Tech is both problem and solution for sustainable sourcing

The rapid adoption of new technologies among both businesses and consumers isn't based on a mere wish to stay up-to-date with the latest trends. Smartphones, tablets and other consumer electronic devices have grown in popularity because of the conveniences they introduce into people's personal and work lives. Virtually all types of communication - from emails with colleagues and clients to texts and phone calls between family members - can be now consolidated on a single device.

Meanwhile, mobile technologies have had similar benefits for contemporary enterprises, allowing employees to work in more streamlined, flexible ways. The cloud is allowing computing power and network storage to be distributed remotely, and big data analytics tools are enabling firms to make more targeted decisions through better business intelligence.

As tech gadgets increase in popularity among consumers and technology becomes more essential to corporate operations, it will remain imperative to develop strategic sourcing plans for the resources needed to produce and operate these tools - but often, firms run into snags in the tech procurement process.

Greening procurement for tech devices

Sustainability is one of the key problem areas for electronics and technology sourcing. The complications associated with green logistics become even greater when they overlap with global sourcing and the ethical issues related to procurement.

In a column for GreenBiz, Technology Forecasters CEO Pamela Gordon discussed the difficulties that many firms in the consumer electronics space are having when it comes to sourcing minerals for their processing chips from conflict-free zones. She pointed out that this effort isn't as simple as merely obtaining a list of mines in conflict areas and working with suppliers from elsewhere.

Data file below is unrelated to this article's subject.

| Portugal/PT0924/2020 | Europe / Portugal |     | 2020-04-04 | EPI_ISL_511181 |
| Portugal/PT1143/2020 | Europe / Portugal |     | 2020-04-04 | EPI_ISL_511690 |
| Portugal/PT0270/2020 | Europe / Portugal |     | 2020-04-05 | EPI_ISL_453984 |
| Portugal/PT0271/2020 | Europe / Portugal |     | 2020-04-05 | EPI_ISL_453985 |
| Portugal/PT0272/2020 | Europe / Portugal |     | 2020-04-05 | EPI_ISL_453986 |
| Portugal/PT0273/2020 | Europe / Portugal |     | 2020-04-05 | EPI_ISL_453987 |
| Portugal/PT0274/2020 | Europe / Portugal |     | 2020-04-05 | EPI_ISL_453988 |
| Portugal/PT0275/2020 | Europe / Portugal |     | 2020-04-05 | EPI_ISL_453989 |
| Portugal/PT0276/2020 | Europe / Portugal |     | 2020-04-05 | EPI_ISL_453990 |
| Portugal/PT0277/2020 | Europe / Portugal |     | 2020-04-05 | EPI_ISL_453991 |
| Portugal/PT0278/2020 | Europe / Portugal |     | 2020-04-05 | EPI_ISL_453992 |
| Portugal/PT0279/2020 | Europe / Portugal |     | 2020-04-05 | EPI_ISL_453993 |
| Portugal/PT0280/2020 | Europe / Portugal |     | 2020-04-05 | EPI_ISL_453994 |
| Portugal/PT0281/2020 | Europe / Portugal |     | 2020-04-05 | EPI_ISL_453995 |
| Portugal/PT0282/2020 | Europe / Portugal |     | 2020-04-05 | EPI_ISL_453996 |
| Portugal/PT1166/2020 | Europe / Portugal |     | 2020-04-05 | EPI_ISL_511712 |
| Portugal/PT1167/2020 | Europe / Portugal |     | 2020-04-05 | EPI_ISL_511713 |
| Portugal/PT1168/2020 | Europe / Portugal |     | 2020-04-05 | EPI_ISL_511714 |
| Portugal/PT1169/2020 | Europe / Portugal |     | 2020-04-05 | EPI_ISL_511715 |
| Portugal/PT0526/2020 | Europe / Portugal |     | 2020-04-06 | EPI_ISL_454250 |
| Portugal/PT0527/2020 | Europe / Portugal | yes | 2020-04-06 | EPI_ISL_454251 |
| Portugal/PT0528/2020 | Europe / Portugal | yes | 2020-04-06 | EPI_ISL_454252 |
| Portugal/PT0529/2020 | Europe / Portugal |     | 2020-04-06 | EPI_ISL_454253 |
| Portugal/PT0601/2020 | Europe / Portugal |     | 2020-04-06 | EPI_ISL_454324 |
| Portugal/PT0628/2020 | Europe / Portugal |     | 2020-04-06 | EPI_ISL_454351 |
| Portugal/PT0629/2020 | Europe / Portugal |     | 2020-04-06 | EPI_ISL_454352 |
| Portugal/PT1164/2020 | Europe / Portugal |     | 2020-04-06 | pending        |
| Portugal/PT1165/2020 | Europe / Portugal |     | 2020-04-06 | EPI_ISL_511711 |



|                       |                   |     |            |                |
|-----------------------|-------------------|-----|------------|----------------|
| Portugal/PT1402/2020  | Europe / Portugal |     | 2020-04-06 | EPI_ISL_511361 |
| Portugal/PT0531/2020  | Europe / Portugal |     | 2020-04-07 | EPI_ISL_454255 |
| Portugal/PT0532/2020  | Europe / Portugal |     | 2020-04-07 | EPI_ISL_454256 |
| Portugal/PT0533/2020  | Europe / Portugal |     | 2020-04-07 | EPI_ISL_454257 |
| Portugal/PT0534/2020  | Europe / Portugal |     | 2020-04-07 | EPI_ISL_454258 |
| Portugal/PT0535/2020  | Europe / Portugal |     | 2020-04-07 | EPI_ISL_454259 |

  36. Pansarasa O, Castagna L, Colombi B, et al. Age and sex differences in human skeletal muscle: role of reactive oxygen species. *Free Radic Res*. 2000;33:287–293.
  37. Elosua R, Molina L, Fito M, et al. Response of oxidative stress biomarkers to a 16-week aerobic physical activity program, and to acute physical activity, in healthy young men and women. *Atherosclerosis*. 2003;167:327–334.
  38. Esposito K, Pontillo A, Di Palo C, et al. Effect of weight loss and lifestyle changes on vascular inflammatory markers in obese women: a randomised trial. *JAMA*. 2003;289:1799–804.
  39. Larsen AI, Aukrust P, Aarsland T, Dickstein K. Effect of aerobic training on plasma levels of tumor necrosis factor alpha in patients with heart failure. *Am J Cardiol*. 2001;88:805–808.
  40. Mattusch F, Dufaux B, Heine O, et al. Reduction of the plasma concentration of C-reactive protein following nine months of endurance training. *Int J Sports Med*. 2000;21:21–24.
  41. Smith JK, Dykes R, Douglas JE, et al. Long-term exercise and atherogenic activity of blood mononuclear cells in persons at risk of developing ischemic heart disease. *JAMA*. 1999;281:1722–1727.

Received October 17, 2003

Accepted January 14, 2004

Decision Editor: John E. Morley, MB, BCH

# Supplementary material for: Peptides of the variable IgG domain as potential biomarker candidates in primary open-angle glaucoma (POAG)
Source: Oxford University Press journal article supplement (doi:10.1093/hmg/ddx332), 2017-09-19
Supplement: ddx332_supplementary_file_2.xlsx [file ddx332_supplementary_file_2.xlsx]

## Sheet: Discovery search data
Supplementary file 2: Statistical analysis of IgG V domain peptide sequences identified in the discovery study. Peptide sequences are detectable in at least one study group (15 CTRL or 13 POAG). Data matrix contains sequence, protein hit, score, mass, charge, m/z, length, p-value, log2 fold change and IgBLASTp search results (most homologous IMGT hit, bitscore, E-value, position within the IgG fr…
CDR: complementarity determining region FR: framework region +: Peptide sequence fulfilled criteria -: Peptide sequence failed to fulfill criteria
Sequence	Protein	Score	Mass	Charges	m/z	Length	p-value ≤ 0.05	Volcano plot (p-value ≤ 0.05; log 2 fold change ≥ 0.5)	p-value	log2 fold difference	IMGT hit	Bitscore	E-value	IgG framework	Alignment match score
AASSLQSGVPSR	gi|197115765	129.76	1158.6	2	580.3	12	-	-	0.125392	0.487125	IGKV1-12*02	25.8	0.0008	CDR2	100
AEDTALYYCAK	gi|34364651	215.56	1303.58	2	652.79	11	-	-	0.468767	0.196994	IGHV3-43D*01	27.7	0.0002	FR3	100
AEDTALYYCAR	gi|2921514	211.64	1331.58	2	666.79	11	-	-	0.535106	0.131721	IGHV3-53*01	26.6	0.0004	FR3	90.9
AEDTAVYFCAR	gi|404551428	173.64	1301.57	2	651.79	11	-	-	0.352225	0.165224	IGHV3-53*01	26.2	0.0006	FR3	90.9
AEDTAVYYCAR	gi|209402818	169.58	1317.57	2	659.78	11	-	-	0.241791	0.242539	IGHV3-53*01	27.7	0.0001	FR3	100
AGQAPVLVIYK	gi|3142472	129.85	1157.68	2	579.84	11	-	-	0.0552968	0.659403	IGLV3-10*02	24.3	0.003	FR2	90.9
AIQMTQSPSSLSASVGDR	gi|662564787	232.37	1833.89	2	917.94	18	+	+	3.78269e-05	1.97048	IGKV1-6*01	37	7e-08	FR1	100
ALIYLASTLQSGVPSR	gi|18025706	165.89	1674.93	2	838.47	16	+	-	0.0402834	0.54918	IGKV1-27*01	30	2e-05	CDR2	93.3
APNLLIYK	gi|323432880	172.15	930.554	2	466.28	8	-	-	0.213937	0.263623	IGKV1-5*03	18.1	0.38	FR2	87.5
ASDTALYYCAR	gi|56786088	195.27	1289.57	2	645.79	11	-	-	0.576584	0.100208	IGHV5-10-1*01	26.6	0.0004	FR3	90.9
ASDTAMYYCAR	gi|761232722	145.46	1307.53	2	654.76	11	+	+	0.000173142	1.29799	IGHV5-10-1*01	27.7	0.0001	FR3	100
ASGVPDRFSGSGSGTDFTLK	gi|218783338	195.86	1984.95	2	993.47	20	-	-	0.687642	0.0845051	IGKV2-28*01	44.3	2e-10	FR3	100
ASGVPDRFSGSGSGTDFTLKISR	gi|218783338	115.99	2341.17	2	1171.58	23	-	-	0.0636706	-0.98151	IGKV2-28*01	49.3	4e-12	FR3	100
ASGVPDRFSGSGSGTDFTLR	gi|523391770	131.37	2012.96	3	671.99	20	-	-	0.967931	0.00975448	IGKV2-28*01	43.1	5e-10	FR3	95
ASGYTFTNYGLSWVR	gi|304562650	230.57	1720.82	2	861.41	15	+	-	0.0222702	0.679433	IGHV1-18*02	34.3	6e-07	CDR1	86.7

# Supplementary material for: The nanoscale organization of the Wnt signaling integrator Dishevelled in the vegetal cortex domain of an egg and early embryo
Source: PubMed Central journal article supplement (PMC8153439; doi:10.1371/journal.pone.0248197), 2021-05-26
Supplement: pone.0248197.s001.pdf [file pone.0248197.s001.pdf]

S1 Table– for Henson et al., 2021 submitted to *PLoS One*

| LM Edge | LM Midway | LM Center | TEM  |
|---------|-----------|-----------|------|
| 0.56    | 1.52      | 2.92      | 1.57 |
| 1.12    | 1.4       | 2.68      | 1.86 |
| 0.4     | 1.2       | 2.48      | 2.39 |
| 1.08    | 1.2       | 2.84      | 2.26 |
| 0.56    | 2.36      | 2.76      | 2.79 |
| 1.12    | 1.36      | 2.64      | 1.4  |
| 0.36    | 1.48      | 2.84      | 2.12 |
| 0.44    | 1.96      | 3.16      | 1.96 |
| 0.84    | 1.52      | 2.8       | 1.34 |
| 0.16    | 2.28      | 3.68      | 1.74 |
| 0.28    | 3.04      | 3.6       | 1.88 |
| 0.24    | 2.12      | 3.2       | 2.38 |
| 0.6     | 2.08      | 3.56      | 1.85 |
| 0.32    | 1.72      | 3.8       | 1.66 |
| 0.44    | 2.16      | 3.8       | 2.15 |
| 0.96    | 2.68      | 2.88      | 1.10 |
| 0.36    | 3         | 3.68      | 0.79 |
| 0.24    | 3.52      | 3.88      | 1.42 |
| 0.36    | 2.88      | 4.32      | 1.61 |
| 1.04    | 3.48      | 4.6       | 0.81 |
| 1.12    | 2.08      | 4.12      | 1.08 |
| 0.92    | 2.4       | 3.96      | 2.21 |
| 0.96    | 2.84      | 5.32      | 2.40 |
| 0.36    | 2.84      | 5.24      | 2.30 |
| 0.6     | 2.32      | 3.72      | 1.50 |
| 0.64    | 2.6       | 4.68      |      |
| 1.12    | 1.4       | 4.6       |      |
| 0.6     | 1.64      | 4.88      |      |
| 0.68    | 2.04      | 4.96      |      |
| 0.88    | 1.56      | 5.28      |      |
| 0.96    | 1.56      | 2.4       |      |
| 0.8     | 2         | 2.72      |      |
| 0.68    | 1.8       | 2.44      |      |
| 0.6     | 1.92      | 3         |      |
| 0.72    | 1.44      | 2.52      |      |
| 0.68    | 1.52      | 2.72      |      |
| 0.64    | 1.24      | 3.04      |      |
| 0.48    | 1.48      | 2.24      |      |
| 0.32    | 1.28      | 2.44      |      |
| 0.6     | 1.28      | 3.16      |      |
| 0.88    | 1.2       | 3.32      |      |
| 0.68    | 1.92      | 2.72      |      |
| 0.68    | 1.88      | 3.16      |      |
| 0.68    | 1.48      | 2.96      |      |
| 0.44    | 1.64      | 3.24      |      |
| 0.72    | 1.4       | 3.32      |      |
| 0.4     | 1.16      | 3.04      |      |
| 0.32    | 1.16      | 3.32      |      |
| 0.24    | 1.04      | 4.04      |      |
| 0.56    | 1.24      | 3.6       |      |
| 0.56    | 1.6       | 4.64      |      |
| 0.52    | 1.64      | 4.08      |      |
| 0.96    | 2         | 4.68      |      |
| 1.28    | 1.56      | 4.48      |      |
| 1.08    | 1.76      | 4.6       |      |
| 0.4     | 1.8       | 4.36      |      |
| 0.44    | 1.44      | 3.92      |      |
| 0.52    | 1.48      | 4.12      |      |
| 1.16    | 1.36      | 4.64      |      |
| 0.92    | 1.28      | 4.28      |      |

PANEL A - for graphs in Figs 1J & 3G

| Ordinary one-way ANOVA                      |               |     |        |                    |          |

"Your brand company rarely buys these minerals directly. Instead, it's your contract manufacturer that buys from components manufacturers - which buy materials processors, which buy from distributors, which buy from smelters, which buy from middlemen who buy from individual mines," wrote Gordon.

Data equals insight

Gordon's point is that as supplier networks become increasingly spread out and involve a number of different levels, it grows difficult for firms to fully understand where their raw materials are coming from. However, in a post for Retail Info Systems News, SciQuest Product Marketing Director Greg Holt asserted big data technologies can help companies in particularly complex industries, such as retail, understand the various implications of a particular "sourcing event."

The difficulties of tech sourcing are without question, but in many cases, the answer to these issues may be in technology itself, particularly e-Sourcing tools.

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